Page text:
Marlins break up no-no, leave Boston with sweep

June 30th, 2023

BOSTON -- With arguably the biggest series of the 2023 season less than 24 hours away, the Marlins went from being no-hit through seven innings to sweeping the Red Sox in Thursday night’s 2-0 win at Fenway Park.

Miami has won five in a row and is 14 games over .500 (48-34) for the first time since 2003 – the same season the club won its second World Series. The Marlins are tied with the D-backs for the second-best record in the National League, behind the Braves (53-27). This weekend will be a showdown between the division rivals in Atlanta.

“The sweep was huge,” said left-hander , who grew up in South Florida. “I know that being a Marlins fan, I don't think we'd won here since like 2009. I don't know if we ever swept the Red Sox in Fenway. It was incredible to be a part of it. The team, how we're playing, the energy in the clubhouse, everyone's pulling for each other. No 'I' guys. It's just a lot of fun."

Six days after pitching into the eighth for the first time in his career, Luzardo dueled Brayan Bello's no-hit bid with 6 1/3 scoreless innings of his own, allowing three hits. When Luzardo gave up back-to-back knocks in the seventh to Rafael Devers and Adam Duvall, Andrew Nardi entered and recorded the next two outs to keep it a scoreless deadlock. Two relievers followed to maintain the shutout.

But the Marlins seemingly couldn’t solve Bello. They played Thursday’s series finale shorthanded, with Garrett Cooper (illness) and Yuli Gurriel (nose) late scratches. The ailments forced Jean Segura and Jesús Sánchez into the lineup, and moved Jon Berti from third to second base and Luis Arraez to first shortly after learning he was named the NL’s starting second baseman.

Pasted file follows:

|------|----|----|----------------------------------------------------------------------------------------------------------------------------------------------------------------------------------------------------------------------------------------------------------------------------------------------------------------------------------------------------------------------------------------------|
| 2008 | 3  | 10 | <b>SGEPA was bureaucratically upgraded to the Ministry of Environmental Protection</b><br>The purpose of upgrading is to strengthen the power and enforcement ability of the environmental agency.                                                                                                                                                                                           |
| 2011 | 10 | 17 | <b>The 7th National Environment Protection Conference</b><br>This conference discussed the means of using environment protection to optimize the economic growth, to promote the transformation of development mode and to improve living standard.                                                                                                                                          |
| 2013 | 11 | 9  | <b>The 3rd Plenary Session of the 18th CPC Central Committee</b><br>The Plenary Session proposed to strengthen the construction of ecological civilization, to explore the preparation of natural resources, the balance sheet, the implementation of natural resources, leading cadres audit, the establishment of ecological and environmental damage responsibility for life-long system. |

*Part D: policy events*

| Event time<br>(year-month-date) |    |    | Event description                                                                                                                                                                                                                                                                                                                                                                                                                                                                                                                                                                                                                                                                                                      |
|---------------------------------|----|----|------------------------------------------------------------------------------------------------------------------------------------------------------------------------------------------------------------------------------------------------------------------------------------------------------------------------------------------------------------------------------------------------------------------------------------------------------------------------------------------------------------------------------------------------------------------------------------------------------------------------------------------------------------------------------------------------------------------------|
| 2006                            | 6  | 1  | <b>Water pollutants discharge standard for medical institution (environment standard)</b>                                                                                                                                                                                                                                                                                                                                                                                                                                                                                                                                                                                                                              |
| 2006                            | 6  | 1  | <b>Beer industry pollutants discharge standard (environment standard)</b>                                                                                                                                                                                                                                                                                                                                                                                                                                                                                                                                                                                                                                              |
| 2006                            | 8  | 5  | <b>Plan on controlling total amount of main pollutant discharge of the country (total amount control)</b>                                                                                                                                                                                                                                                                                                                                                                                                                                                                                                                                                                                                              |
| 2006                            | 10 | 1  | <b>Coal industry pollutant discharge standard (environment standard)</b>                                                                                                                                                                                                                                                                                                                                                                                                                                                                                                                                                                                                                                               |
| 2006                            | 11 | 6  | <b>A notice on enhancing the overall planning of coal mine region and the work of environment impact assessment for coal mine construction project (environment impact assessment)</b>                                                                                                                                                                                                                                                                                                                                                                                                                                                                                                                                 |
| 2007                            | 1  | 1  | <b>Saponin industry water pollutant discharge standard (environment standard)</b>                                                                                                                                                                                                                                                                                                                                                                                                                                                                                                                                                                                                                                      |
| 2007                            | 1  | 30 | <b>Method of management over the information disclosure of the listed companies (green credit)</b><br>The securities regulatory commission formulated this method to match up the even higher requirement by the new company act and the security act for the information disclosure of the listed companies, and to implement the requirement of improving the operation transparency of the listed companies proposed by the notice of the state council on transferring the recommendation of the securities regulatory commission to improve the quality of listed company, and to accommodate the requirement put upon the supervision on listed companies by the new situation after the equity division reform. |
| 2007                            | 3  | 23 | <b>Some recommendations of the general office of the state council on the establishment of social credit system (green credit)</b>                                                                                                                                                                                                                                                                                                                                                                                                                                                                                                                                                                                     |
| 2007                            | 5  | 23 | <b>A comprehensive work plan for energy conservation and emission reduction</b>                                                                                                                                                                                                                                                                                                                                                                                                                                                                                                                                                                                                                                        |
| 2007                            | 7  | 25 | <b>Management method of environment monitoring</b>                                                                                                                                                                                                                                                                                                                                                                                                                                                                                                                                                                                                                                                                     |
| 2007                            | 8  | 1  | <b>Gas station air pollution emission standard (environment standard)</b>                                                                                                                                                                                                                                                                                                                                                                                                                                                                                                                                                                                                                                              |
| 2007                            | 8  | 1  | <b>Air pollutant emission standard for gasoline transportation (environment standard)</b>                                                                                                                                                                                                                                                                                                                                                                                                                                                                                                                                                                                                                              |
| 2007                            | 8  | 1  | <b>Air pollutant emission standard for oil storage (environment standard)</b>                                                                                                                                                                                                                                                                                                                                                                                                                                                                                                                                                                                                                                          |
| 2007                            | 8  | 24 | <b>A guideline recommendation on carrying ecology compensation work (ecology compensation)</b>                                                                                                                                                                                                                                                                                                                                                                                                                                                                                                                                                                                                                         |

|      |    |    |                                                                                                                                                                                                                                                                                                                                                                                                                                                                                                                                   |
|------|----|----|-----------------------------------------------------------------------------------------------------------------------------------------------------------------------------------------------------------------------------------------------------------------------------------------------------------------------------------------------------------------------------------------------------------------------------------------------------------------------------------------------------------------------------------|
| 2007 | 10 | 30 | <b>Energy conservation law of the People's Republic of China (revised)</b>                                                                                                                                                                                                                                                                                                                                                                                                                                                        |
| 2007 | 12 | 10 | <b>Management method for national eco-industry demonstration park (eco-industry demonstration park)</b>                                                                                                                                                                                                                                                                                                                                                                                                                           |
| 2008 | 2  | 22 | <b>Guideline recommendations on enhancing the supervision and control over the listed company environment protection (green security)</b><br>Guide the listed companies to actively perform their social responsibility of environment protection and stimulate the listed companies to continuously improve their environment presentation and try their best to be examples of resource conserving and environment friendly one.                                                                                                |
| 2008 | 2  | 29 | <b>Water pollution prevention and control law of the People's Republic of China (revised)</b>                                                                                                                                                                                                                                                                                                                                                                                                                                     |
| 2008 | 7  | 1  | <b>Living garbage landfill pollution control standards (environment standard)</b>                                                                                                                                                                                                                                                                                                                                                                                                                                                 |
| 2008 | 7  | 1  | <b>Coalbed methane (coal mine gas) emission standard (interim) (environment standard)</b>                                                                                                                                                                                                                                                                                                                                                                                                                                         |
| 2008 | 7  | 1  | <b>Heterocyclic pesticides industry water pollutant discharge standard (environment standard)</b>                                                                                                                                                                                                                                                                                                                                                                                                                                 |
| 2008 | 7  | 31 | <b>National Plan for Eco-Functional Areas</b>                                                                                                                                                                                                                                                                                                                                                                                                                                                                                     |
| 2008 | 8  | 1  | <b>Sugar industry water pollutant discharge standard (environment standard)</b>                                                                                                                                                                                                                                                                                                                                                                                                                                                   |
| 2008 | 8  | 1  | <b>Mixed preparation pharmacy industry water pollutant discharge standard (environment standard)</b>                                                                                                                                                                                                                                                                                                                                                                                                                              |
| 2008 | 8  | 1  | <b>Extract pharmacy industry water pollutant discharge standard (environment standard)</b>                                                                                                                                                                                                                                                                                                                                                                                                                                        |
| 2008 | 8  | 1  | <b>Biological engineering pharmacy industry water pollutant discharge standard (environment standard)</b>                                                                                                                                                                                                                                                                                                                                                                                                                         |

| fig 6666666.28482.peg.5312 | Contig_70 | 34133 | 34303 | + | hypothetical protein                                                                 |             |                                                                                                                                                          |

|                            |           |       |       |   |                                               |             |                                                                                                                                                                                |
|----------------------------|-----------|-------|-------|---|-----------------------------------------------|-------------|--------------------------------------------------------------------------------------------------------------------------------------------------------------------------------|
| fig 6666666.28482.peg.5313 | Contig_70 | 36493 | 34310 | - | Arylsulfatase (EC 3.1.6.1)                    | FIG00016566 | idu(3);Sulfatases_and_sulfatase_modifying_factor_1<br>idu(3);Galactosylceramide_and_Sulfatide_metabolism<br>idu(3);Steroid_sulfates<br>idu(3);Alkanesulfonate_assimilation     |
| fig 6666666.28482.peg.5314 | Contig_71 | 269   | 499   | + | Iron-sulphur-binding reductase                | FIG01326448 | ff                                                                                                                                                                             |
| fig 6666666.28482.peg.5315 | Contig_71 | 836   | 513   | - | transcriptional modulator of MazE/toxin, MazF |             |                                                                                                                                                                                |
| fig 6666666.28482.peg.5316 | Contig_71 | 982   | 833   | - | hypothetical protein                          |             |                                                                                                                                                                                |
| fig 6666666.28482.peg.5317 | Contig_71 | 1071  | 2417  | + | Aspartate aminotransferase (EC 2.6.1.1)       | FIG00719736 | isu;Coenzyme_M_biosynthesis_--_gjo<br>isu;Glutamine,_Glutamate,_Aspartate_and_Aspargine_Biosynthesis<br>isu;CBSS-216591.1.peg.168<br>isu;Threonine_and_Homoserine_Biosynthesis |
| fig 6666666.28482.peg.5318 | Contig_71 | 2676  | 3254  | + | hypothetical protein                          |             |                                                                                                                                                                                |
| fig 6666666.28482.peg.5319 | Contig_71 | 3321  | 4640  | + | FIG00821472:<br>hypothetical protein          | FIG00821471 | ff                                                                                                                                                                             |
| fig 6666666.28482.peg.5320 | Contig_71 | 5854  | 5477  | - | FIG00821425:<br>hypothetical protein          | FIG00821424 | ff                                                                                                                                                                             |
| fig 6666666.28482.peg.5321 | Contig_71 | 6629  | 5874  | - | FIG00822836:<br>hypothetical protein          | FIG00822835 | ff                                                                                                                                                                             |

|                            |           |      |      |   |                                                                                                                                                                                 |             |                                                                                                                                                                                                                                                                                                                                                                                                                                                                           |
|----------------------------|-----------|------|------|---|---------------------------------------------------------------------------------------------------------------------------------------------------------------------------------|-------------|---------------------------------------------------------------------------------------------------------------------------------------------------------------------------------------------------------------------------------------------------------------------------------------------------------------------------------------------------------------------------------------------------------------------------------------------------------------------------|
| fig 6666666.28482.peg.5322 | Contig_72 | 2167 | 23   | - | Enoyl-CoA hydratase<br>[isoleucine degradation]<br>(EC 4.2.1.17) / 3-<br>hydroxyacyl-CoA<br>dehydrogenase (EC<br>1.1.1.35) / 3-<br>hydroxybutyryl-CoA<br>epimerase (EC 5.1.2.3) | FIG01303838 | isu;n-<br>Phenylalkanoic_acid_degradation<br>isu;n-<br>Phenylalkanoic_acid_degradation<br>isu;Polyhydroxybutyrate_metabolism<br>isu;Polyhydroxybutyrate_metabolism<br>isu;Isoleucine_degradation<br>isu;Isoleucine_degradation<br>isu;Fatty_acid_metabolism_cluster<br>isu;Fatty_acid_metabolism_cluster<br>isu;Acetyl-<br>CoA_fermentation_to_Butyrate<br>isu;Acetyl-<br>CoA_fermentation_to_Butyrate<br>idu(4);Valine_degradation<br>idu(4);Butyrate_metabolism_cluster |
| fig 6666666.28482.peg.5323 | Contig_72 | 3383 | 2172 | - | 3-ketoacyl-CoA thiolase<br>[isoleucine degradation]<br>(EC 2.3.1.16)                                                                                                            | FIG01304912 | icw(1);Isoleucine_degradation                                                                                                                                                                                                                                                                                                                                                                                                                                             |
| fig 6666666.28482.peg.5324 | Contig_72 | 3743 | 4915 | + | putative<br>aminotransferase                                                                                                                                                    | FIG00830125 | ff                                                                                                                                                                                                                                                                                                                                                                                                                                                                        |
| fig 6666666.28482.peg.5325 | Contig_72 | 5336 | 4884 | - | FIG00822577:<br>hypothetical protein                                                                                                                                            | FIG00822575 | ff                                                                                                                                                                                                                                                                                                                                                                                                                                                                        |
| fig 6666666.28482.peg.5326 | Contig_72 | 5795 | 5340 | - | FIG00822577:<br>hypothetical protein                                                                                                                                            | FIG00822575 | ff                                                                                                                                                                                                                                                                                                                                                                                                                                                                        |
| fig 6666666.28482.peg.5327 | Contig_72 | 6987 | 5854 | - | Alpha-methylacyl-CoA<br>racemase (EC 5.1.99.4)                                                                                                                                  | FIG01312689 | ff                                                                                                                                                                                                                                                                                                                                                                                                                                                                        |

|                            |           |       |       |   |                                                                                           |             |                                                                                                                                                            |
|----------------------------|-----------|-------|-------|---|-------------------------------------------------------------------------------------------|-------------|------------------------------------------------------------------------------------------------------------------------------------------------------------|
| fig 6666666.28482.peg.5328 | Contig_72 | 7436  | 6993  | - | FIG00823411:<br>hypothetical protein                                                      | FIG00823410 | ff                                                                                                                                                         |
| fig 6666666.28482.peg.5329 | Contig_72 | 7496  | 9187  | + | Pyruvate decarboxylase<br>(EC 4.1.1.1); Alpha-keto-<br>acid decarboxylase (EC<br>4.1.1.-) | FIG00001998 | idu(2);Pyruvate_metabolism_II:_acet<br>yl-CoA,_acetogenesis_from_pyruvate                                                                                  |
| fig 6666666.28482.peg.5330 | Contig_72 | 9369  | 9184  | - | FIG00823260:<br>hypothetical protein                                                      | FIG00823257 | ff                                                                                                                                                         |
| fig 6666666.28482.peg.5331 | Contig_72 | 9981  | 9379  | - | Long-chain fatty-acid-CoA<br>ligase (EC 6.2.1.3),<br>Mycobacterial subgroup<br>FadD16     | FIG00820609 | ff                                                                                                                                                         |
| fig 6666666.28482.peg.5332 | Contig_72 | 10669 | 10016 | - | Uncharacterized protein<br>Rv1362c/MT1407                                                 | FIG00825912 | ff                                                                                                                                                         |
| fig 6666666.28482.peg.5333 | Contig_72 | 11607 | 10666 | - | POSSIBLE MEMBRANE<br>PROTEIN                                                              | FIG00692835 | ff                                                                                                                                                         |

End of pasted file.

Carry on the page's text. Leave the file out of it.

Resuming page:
Segura broke up Bello’s no-no with an infield hit to open the eighth and Joey Wendle followed with a single to right that chased Bello with runners at the corners. Segura also notched the first hit against Atlanta’s Spencer Strider in the eighth inning on April 24.

“You try not to ever think about anything like that,” Berti said. “You have a plan and approach against whoever you're facing and you're trying to execute that and not worry if we have 20 hits and 20 runs or we have no hits and no runs. It was great for Jean to get on, and then Joey, and it was nice baserunning, too, by Jean to go first to third and kind of put the defense in a little bit of a tough position.

“And then from there, I was just trying to get something that I could get in the air a little bit. Try to stay out of a double play and push the ball forward a little bit.”

Jazz Chisholm Jr. provided cushion in the ninth with a solo shot off Kenley Jansen. On his trip around the bases, Chisholm encouraged the boos from the sold-out crowd of 36,559. He has gone deep in two of three games since his return from the injured list.

“I can't imagine a better comeback than this one,” manager Skip Schumaker said of Chisholm. “A couple homers. Couple big RBIs in big situations, too. It wasn't just home run up 10 runs or something. We needed that insurance run. You always want to have that extra run in the ninth inning, against obviously a really good lineup in the meat of the order coming up. So having an extra run was big.”

Miami now ventures to Atlanta, the NL East’s division leader. The Marlins have dropped six of seven to the Braves this season, having been outscored 54-22. Miami has a zero run differential this year; excluding its games against Atlanta, it's a +32 differential against everyone else.

“Like I always tell everybody, I love facing the Braves, especially facing against [Ronald Acuña Jr.], because I always want to be the best on the field, and he comes and brings it every night,” Chisholm said. “So he brings my intensity level up. He brings my competitiveness up, and it's always going to be a fun game. That's probably what you guys are going to see in the NL Championship [Series], and that's where we're planning on it to be.”